Prom Night


It’s slim pickings at Australian cinemas at the moment, and I sure chose the wrong flick to end my recent big screen drought.

Prom Night is possibly a remake of the 1980 film starring Jamie Lee Curtis. I say possibly because aside from the setting and the genre, it doesn’t seem to have too much in common.Prom Night It’s apparently ‘inspired by’ that film, but there is no mention of it in the credits. I haven’t seen the ‘original’ but from what I know it isn’t held in the same high regard as, say, the original Halloween or Wes Craven’s early work. I’m almost certain, however, that the 2008 version is worse.

There is really nothing to recommend here. The film is competently executed – I mean in the technical sense – but that’s about it. There’s no clever gimmick, no interesting backstory, and no exciting set pieces. There aren’t even any gruesome kills (for those who enjoy that sort of thing), and the lack of splatter makes it very clear that they were aiming for an M (or PG-13) rated film.

It takes a moment to get over the establishing scenes, with all the talk of Donna’s (Brittany Snow) upcoming senior prom, and how this is one of the most important nights of her life, how she’ll remember it forever… etcetera, etcetera. We get to see her all dressed up, witness her boyfriend Bobby (Scott Porter) gush at seeing her at the top of the stairs, and of course see her attempt to curb the long-term anxiety she suffers as a consequence of having her whole family knifed three years ago.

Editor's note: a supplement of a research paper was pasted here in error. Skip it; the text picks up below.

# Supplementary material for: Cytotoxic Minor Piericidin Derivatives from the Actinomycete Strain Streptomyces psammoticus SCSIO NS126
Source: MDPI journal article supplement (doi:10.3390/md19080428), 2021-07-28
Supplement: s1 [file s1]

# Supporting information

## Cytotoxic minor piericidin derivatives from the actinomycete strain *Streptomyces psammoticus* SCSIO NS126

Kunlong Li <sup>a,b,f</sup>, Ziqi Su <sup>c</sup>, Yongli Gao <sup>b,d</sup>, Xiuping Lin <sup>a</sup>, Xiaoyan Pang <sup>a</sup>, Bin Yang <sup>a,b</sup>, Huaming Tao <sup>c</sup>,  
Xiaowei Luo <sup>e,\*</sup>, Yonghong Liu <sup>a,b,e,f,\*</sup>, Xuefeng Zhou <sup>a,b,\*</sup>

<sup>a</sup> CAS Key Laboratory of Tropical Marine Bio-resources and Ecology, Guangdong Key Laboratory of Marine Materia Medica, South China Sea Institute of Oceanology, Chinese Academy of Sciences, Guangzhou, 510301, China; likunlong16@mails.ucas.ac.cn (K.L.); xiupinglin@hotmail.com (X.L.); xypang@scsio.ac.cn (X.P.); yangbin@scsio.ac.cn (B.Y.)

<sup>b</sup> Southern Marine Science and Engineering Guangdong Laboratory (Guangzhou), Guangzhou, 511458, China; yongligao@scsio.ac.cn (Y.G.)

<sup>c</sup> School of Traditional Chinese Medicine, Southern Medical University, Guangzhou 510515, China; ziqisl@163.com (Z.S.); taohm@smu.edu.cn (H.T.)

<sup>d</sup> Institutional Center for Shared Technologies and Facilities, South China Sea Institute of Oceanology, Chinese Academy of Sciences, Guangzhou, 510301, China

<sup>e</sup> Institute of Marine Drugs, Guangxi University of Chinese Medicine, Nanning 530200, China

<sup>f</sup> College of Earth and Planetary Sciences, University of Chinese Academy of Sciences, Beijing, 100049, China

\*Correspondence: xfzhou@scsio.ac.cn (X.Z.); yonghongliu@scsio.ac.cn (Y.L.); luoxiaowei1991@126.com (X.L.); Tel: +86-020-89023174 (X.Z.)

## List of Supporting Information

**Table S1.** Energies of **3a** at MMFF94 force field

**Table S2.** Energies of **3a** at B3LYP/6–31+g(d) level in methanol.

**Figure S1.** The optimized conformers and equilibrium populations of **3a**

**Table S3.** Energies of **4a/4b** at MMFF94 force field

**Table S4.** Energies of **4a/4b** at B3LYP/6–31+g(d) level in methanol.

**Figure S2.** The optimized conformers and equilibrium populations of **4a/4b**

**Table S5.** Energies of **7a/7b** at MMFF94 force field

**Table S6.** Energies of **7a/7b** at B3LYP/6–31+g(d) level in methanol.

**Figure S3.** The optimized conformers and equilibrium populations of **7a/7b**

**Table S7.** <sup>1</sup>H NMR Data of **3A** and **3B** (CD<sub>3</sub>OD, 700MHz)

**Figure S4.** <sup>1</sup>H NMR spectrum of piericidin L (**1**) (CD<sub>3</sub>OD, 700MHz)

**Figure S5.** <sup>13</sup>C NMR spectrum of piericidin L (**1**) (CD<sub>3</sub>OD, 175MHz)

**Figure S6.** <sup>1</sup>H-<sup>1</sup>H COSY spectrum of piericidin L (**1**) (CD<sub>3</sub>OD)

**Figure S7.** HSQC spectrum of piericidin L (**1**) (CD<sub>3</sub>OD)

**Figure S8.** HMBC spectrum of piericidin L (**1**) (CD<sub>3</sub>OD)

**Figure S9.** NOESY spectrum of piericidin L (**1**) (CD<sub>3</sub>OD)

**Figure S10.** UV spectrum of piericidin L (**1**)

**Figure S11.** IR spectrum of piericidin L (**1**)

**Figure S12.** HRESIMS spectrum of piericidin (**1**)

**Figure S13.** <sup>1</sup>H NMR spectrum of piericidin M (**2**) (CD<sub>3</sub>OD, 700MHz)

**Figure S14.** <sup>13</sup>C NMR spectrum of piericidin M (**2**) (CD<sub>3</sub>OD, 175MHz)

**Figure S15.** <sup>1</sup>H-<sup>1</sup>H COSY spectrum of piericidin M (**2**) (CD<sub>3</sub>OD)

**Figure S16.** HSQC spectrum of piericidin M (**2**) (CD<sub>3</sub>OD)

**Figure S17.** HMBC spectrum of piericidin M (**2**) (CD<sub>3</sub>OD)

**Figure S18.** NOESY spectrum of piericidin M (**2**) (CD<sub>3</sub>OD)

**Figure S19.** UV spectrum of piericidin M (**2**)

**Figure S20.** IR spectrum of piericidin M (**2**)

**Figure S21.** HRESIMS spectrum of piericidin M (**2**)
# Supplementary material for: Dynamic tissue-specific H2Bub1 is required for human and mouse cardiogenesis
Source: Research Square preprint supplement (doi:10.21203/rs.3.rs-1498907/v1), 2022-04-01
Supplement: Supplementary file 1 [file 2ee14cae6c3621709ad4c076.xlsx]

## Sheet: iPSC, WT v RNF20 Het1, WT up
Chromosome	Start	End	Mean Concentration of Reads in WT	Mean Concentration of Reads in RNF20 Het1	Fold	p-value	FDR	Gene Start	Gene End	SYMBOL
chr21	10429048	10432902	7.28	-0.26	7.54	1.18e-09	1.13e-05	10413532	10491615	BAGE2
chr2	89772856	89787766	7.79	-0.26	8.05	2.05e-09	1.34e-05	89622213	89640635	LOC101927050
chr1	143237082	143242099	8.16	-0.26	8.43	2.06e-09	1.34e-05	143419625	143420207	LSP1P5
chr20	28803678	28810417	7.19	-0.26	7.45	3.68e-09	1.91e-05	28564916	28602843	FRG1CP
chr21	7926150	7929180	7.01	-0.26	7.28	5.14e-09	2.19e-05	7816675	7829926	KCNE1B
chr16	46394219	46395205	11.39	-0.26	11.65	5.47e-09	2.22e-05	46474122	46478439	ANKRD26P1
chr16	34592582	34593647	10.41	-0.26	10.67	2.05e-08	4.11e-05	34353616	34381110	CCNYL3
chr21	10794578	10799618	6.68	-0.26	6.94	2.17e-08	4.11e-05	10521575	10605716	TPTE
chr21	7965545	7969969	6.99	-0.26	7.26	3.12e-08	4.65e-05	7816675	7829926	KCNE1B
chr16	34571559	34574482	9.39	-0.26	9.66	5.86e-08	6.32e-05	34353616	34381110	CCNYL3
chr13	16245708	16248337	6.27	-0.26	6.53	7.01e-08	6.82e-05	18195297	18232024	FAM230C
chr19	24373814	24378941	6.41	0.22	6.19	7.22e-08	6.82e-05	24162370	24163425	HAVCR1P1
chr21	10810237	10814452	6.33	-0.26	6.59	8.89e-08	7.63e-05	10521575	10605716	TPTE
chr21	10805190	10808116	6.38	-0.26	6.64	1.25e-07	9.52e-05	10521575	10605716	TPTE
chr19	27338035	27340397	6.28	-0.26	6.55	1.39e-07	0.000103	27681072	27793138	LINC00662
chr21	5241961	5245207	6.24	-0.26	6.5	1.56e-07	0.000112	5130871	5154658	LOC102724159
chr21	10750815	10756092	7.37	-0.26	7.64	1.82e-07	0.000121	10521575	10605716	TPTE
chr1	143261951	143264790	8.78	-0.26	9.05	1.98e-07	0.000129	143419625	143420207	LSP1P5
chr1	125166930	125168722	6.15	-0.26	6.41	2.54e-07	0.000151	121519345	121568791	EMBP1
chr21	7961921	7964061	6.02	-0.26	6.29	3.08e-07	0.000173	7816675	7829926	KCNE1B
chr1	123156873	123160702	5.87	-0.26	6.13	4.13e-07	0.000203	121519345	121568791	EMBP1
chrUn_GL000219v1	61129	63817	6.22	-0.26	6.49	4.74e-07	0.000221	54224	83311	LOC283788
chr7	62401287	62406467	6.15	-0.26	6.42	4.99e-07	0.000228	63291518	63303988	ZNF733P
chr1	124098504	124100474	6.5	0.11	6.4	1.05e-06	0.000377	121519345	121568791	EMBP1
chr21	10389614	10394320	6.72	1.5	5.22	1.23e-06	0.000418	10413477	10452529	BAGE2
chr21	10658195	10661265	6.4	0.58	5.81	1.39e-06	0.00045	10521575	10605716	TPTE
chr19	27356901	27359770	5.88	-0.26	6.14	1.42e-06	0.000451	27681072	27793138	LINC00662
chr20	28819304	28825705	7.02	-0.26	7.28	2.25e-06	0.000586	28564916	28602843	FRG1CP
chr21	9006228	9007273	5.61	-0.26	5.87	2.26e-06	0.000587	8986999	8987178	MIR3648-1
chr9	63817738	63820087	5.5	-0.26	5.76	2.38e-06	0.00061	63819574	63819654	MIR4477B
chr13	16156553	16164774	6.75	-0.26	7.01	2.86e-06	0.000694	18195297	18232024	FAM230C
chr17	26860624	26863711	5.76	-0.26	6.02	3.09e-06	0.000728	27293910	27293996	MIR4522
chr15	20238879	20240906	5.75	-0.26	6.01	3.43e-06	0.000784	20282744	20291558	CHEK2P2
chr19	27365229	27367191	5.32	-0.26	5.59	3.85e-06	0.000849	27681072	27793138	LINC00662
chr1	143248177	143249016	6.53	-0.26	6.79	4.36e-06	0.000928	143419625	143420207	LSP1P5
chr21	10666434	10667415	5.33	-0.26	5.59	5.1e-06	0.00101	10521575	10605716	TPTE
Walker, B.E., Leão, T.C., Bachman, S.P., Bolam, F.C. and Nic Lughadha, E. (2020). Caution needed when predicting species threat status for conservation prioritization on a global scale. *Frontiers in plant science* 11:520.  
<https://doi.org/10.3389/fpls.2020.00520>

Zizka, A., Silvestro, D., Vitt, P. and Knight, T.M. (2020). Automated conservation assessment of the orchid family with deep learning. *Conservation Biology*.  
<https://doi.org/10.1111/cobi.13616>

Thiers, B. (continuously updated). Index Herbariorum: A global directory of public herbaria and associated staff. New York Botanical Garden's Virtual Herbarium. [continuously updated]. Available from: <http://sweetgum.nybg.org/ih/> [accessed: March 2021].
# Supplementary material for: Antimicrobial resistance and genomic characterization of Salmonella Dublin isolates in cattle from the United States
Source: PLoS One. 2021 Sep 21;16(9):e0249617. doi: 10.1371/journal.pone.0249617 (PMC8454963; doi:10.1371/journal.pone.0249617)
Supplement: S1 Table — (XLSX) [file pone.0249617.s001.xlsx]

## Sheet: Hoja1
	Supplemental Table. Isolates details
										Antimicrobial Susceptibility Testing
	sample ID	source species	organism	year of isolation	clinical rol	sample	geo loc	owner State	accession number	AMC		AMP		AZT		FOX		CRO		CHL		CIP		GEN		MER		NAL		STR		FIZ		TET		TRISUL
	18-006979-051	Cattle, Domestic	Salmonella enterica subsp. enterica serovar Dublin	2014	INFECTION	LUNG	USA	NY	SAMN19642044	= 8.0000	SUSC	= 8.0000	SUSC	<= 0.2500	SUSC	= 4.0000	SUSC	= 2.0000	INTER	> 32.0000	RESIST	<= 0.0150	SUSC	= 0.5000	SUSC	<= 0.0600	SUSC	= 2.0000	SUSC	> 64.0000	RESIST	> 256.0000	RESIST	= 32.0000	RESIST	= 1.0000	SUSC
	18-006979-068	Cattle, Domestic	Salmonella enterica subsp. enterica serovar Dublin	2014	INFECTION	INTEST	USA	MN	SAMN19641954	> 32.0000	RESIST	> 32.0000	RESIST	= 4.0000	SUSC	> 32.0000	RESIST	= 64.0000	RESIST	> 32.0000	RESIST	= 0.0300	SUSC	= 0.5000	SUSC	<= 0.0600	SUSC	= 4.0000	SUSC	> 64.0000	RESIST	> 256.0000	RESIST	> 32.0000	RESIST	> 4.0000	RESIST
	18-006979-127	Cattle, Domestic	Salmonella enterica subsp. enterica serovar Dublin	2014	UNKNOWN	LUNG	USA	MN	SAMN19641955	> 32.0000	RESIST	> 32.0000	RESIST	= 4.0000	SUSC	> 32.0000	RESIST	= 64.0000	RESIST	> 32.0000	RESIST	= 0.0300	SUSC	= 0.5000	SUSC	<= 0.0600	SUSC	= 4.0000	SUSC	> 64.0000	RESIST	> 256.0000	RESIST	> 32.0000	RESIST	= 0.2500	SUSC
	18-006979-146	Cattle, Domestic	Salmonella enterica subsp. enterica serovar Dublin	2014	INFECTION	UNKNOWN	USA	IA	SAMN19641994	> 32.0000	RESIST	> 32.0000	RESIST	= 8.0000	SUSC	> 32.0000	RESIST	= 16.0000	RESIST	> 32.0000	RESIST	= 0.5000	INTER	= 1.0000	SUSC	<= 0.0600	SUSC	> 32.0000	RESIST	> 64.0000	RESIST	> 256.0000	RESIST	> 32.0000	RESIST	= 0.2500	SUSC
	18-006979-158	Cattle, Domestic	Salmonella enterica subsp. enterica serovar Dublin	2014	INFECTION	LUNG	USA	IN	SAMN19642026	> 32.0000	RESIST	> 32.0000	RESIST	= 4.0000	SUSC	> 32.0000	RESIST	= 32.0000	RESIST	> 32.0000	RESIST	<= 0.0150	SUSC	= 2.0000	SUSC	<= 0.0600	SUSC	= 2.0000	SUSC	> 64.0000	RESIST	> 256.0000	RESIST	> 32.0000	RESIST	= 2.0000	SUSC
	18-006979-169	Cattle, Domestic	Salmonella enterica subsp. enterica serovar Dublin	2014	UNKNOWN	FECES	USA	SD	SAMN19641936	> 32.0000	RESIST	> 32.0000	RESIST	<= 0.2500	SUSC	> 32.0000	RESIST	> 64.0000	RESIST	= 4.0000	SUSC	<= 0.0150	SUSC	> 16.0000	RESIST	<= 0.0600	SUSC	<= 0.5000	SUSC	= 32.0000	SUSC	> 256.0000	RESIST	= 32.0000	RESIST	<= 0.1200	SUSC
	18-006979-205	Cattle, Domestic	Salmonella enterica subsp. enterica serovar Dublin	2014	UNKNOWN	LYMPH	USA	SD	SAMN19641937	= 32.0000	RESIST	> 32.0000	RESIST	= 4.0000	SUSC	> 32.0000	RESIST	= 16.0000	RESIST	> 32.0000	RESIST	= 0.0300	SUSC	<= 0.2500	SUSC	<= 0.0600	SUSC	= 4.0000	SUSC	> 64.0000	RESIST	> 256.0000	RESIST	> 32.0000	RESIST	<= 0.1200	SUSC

Once we get to the ridiculously extravagant setting for the prom itself, there’s a killer on the loose who seems to take an awfully long time getting close to his objective. I can’t explain how truly banal this movie is. It isn’t even stifled by cliché, apart from a heroine who screams whenever someone appears behind her, and even – in one case – at a lamp. There’s nothing to make the film remotely interesting, apart from a handy wardrobe that makes the one leading to Narnia seem realistic.

The characterisation is next to nil, the backstory is pathetic, and it constantly feels like we’re in a studio, rather than an actual hotel. Idris Elba is the only performer I recognised, and he certainly is having a hard time making his way in Hollywood, between The Reaping and this.

It’s astounding to realise that we often have to wait months after US release dates to see films here in Australia, and yet we got to be the first in the world to see Prom Night. If you’ve never in your life seen a horror film, you might find this one occasionally scary. Actually, no. That isn’t true.

Rating: 0 stars
Review by Stuart Wilson, 10th April 2008
Hoopla Factor: 0 stars

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